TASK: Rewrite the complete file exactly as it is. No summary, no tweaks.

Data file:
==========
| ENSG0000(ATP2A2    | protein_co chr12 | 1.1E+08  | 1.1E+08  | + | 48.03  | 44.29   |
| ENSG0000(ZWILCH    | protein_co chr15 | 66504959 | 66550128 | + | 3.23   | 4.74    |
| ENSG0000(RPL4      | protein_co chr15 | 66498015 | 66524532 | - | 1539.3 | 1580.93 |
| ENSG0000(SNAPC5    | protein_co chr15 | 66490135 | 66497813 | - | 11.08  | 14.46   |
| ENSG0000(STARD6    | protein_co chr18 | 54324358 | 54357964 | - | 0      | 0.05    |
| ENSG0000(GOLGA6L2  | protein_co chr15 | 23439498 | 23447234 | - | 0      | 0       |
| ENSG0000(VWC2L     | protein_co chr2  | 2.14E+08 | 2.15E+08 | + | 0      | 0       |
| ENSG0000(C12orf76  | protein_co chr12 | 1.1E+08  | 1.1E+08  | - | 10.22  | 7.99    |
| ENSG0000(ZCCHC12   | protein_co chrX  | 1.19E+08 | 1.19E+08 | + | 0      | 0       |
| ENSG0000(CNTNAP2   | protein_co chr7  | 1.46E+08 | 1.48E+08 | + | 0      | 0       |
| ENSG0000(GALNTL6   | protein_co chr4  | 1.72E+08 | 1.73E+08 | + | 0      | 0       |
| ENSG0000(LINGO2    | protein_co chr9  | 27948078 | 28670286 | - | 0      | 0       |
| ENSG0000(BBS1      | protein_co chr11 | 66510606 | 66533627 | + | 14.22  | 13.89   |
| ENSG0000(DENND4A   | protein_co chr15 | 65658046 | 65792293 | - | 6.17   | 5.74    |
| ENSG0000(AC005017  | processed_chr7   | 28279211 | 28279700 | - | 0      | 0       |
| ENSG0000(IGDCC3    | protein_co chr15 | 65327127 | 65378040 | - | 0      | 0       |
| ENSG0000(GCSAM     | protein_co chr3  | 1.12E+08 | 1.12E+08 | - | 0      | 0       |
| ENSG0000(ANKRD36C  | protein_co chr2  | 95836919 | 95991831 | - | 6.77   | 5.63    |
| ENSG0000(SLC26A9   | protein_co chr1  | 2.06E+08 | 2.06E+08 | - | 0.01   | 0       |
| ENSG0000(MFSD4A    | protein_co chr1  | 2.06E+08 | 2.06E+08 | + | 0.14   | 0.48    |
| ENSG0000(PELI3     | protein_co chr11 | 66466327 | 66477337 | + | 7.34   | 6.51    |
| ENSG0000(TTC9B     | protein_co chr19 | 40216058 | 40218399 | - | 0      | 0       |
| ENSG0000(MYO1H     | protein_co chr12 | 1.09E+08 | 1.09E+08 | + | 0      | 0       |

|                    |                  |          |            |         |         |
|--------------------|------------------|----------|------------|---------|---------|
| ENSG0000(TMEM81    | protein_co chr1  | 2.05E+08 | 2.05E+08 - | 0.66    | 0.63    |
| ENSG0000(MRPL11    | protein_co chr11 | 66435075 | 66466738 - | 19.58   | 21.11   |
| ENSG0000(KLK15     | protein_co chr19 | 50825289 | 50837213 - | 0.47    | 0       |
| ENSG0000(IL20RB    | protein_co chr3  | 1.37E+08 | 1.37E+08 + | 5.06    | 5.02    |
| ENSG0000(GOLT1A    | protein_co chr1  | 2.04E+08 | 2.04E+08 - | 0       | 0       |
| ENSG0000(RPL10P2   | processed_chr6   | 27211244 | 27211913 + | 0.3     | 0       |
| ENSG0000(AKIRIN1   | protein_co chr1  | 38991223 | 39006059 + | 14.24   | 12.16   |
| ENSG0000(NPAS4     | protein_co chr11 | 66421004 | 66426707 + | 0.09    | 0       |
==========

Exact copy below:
| ENSG0000(ATP2A2    | protein_co chr12 | 1.1E+08  | 1.1E+08  | + | 48.03  | 44.29   |
| ENSG0000(ZWILCH    | protein_co chr15 | 66504959 | 66550128 | + | 3.23   | 4.74    |
| ENSG0000(RPL4      | protein_co chr15 | 66498015 | 66524532 | - | 1539.3 | 1580.93 |
| ENSG0000(SNAPC5    | protein_co chr15 | 66490135 | 66497813 | - | 11.08  | 14.46   |
| ENSG0000(STARD6    | protein_co chr18 | 54324358 | 54357964 | - | 0      | 0.05    |
| ENSG0000(GOLGA6L2  | protein_co chr15 | 23439498 | 23447234 | - | 0      | 0       |
| ENSG0000(VWC2L     | protein_co chr2  | 2.14E+08 | 2.15E+08 | + | 0      | 0       |
| ENSG0000(C12orf76  | protein_co chr12 | 1.1E+08  | 1.1E+08  | - | 10.22  | 7.99    |
| ENSG0000(ZCCHC12   | protein_co chrX  | 1.19E+08 | 1.19E+08 | + | 0      | 0       |
| ENSG0000(CNTNAP2   | protein_co chr7  | 1.46E+08 | 1.48E+08 | + | 0      | 0       |
| ENSG0000(GALNTL6   | protein_co chr4  | 1.72E+08 | 1.73E+08 | + | 0      | 0       |
| ENSG0000(LINGO2    | protein_co chr9  | 27948078 | 28670286 | - | 0      | 0       |
| ENSG0000(BBS1      | protein_co chr11 | 66510606 | 66533627 | + | 14.22  | 13.89   |
| ENSG0000(DENND4A   | protein_co chr15 | 65658046 | 65792293 | - | 6.17   | 5.74    |
| ENSG0000(AC005017  | processed_chr7   | 28279211 | 28279700 | - | 0      | 0       |
| ENSG0000(IGDCC3    | protein_co chr15 | 65327127 | 65378040 | - | 0      | 0       |
| ENSG0000(GCSAM     | protein_co chr3  | 1.12E+08 | 1.12E+08 | - | 0      | 0       |
| ENSG0000(ANKRD36C  | protein_co chr2  | 95836919 | 95991831 | - | 6.77   | 5.63    |
| ENSG0000(SLC26A9   | protein_co chr1  | 2.06E+08 | 2.06E+08 | - | 0.01   | 0       |
| ENSG0000(MFSD4A    | protein_co chr1  | 2.06E+08 | 2.06E+08 | + | 0.14   | 0.48    |
| ENSG0000(PELI3     | protein_co chr11 | 66466327 | 66477337 | + | 7.34   | 6.51    |
| ENSG0000(TTC9B     | protein_co chr19 | 40216058 | 40218399 | - | 0      | 0       |
| ENSG0000(MYO1H     | protein_co chr12 | 1.09E+08 | 1.09E+08 | + | 0      | 0       |

|                    |                  |          |            |         |         |
|--------------------|------------------|----------|------------|---------|---------|
| ENSG0000(TMEM81    | protein_co chr1  | 2.05E+08 | 2.05E+08 - | 0.66    | 0.63    |
| ENSG0000(MRPL11    | protein_co chr11 | 66435075 | 66466738 - | 19.58   | 21.11   |
| ENSG0000(KLK15     | protein_co chr19 | 50825289 | 50837213 - | 0.47    | 0       |
| ENSG0000(IL20RB    | protein_co chr3  | 1.37E+08 | 1.37E+08 + | 5.06    | 5.02    |
| ENSG0000(GOLT1A    | protein_co chr1  | 2.04E+08 | 2.04E+08 - | 0       | 0       |
| ENSG0000(RPL10P2   | processed_chr6   | 27211244 | 27211913 + | 0.3     | 0       |
| ENSG0000(AKIRIN1   | protein_co chr1  | 38991223 | 39006059 + | 14.24   | 12.16   |
| ENSG0000(NPAS4     | protein_co chr11 | 66421004 | 66426707 + | 0.09    | 0       |